“Desperate times call for desperate measures.”
Well, that’s at least how the saying goes and particularly how the reality unfolded for the Al Anbar Governorate when roughly the entire province abruptly morphed into an ISIL base. While there are no precise numbers, Al Anbar holds a population roughly the size of Ottawa, Winnipeg and Halifax combined. Its overwhelmingly Sunni population has been for years marginalized, neglected and targeted by the Iraqi Shi’a led government. ISIL for Al Anbar represents not an ideal ideology, but a heavy weight player in the region – one that fills a void in a landscape that offers no other options.
In my earlier article, I discussed the notion that in order to curtail ISIL, countries leading the coalition against ISIL such as Jordan should arm the jilted Sunni population in the Al Anbar Governorate. This is because they represent a neglected group, desperate for protection and sustainability. With virtually no state support, ISIL’s advance into their province proved to force an ill-fated hand. Many of the tribes took the decisive decision to join ISIL as a survival tactic as opposed to true allegiance to the cause.
However, due to the current state of affairs arming the tribes in Al Anbar is being done too late. Providing arms now, after an “allegiance” has been pledged to ISIL, is counterproductive and dangerous. Not only can the equipment flow right into the hands of ISIL, but it can be used against those who have supplied it.
Frankly, the situation is something to be expected as Al Anbar was abandoned. Why we take notice now is because it is impeding on our own interests, ISIL is gaining momentum and a larger base. Ultimately however, the situation offers stark evidence that bombing an ideology does not work. Bombs cannot stop the philosophy, thought, belief and creed ISIL has created. The ideology of ISIL has become too widely cast across countries.
Yes, bombs can kill ISIL fighters and supporters, but they can do nothing to eliminate the ideology that is swelling across the region.
The Governorate, with its population of roughly 1.9 million people has the potential to change the entire political landscape in the Middle East. Al Anbar and its newly pledged “allegiance” has the potential to attract other marginalized Sunni communities in Iraq and could rapidly spread over Syria as the group grows. ISIL now represents a defence line for Sunni Muslims in Iraq and creates a forum where angry Sunnis can seek revenge against the Shi’a Iraqi government that continues to carry out a bitter feud. Not only is ISIL expanding rapidly, they also may gain economic benefits given Al Anbar reigns over a large share of oil and gas reserves. This obviously represents an enormous threat to the surrounding region, but it also threatens global stability.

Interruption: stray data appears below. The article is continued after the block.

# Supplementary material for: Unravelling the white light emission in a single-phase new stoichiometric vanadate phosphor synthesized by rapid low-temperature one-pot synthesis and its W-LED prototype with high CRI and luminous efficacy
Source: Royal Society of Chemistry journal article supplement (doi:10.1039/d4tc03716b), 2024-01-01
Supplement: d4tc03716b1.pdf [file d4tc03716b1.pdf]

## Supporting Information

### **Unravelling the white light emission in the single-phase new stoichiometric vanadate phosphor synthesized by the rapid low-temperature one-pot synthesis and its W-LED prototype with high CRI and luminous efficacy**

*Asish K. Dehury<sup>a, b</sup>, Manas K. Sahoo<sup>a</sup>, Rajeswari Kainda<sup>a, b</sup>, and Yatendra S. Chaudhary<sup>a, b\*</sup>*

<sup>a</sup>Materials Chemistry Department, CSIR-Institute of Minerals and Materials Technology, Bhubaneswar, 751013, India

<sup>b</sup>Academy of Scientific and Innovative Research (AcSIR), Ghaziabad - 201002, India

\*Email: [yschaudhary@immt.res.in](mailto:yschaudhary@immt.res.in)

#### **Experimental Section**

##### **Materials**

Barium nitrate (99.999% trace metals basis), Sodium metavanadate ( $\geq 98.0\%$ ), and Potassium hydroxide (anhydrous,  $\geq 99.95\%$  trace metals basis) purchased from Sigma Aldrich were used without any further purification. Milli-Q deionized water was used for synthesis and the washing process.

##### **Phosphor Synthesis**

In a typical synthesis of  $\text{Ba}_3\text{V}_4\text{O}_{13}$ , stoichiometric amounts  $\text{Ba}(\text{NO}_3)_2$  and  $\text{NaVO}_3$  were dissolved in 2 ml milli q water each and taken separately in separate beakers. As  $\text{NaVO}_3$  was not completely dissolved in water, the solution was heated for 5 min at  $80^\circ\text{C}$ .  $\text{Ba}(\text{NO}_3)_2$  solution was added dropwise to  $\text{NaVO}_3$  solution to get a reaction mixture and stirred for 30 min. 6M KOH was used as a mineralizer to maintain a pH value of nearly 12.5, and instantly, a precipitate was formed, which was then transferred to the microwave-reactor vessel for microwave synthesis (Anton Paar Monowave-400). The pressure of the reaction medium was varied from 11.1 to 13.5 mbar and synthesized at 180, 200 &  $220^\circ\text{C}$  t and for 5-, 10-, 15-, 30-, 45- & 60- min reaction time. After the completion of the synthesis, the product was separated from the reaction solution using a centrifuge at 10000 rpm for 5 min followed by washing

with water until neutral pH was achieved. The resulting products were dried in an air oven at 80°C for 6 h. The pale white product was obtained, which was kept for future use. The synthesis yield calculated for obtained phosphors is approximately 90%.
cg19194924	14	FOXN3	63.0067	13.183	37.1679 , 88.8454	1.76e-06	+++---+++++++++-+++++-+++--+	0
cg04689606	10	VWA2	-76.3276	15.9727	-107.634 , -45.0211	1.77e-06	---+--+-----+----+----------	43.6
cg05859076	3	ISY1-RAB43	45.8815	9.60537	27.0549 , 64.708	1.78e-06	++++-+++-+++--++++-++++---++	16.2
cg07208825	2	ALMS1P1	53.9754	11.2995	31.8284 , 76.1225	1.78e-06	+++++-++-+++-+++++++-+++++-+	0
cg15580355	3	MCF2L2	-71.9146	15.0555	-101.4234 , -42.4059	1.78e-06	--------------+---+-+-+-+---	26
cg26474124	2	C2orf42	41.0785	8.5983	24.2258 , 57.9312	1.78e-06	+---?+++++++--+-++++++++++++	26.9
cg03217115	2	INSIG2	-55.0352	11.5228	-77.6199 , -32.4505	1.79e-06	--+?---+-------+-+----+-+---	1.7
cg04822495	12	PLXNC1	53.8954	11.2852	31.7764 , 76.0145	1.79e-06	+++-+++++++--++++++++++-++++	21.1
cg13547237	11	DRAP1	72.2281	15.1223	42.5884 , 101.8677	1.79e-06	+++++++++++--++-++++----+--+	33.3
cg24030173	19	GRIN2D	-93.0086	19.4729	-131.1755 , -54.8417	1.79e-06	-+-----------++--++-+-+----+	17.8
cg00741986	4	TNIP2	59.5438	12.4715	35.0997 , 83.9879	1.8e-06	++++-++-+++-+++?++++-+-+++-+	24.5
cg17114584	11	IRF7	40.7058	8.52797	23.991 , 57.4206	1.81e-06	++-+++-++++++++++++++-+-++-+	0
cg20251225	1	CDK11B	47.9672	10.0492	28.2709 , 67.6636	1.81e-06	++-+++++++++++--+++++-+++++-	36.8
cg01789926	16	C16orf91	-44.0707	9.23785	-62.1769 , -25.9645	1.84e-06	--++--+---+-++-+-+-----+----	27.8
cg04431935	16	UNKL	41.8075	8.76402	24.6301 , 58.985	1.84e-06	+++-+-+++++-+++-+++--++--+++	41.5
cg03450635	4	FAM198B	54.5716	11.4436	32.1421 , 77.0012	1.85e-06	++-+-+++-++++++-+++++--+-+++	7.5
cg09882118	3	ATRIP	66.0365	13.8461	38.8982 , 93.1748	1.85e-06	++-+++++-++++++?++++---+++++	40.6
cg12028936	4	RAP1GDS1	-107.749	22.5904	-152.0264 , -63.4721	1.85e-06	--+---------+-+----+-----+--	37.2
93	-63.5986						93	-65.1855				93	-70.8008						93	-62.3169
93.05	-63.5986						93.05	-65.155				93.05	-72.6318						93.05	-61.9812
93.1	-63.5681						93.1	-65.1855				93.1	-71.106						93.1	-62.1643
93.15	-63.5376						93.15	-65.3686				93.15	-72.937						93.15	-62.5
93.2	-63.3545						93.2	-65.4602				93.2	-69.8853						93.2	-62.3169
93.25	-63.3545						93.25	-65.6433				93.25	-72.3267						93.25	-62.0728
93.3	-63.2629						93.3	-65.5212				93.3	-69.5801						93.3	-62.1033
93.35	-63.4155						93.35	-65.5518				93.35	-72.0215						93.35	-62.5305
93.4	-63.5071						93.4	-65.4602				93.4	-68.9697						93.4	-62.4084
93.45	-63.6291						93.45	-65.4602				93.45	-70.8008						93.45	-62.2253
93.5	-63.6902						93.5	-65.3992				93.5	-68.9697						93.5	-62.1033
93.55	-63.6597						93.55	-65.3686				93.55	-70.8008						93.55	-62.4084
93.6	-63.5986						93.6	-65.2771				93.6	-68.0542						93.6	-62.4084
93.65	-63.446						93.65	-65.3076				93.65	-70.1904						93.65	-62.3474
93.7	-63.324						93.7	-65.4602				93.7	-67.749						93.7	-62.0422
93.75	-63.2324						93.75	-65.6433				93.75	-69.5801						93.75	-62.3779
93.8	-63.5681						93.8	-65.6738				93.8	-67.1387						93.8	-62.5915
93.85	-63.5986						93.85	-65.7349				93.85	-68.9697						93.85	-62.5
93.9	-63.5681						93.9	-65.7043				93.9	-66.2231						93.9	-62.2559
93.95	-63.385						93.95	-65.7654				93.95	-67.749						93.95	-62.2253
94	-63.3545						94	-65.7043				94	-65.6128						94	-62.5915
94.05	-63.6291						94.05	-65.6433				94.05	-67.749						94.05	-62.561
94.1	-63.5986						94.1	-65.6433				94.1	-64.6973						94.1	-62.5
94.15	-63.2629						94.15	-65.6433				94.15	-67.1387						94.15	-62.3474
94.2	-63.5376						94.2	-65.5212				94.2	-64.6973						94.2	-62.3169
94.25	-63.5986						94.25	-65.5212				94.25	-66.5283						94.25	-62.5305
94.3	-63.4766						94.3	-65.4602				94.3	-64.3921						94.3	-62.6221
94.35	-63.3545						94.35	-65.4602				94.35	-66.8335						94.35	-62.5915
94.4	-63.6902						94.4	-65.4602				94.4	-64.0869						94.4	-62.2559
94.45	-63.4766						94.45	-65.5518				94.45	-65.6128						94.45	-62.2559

What should Canada’s role be?
Should Canada be interested in staying in the region to fight ISIL for the next half century, the country should continue its current actions. As mentioned, ISIL is unlike the Taliban. It is a transnational ideology that literally has no boundaries and to many people represents a group that is unseating despots. Any direct mission against ISIL is fraught with danger and high expense, not to mention the outcome falling within ultimate control of the region. The fight against ISIL is a Middle Eastern fight rather than a Western one. The formation of ISIL was facilitated by a troubled history and intricacies the West may never even come to know. ISIL needs to be defeated from the region it inhibits, from its roots, and by those who understand their troubles. This is not to suggest that Canada should abandon the fight against ISIL. Canada would be well suited to provide financial, technical and social support to allies in the region who are keeping ISIL away from their doorsteps.
Ultimately, there should be no Canadian boots on the ground and no Canadian jets in the sky.
Canada, with only a shoestring budget, can render expertise aimed at reforming the education systems that currently disperse ISIL ideology within the region. Western nations and their intelligence agencies are ignorant to the curriculum in the Arab states. With the turn of a page of any schoolbook in the Arab states, one would be able to extract pieces of text that extol ISIL deeds. An urgent need is present to implement change in the education systems that make children susceptible to radicalization.
However, delving into this falls far beyond the scope of this article. A rigorous article will be devoted to explain the reality behind ISIL’s ideology and how this deviant creed has existed for decades inadvertently in the school curriculum. The article also will explain why Arab regimes have produced such a generation and culture with inherent tendencies towards violence.
“Keep your friends close, and your enemies closer.” It is difficult to blame the individuals in Al Anbar Governorate for joining ISIL. Finding themselves in a situation of survival or death, they chose what most individuals in this world arguably would – to live. Perhaps the original conflict, between Sunni and Shi’a in Iraq, could have been resolved by dividing Iraq into two provinces representing each side. This may have been possible had ISIL not entered the picture.
Now the impeding reality currently rests on the possibility of ISIL defeating the Iraqi government. This may place Iraq under the ISIL flag; representing a country not only with a population base but also with defined borders.
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Sohaib Gabsis is an M.A. candidate at the Norman Paterson School of International Affairs and currently sits on the G78 Board of Directors. He holds a B.A. in Human Right and a B.A. Honours in French and English literature. Previously, Sohaib worked with the UN – International Labour Organization on the Syrian refugees crisis in Amman, and later worked on the ILO-IPEC programme.
Featured Photo by Sohaib Gabsis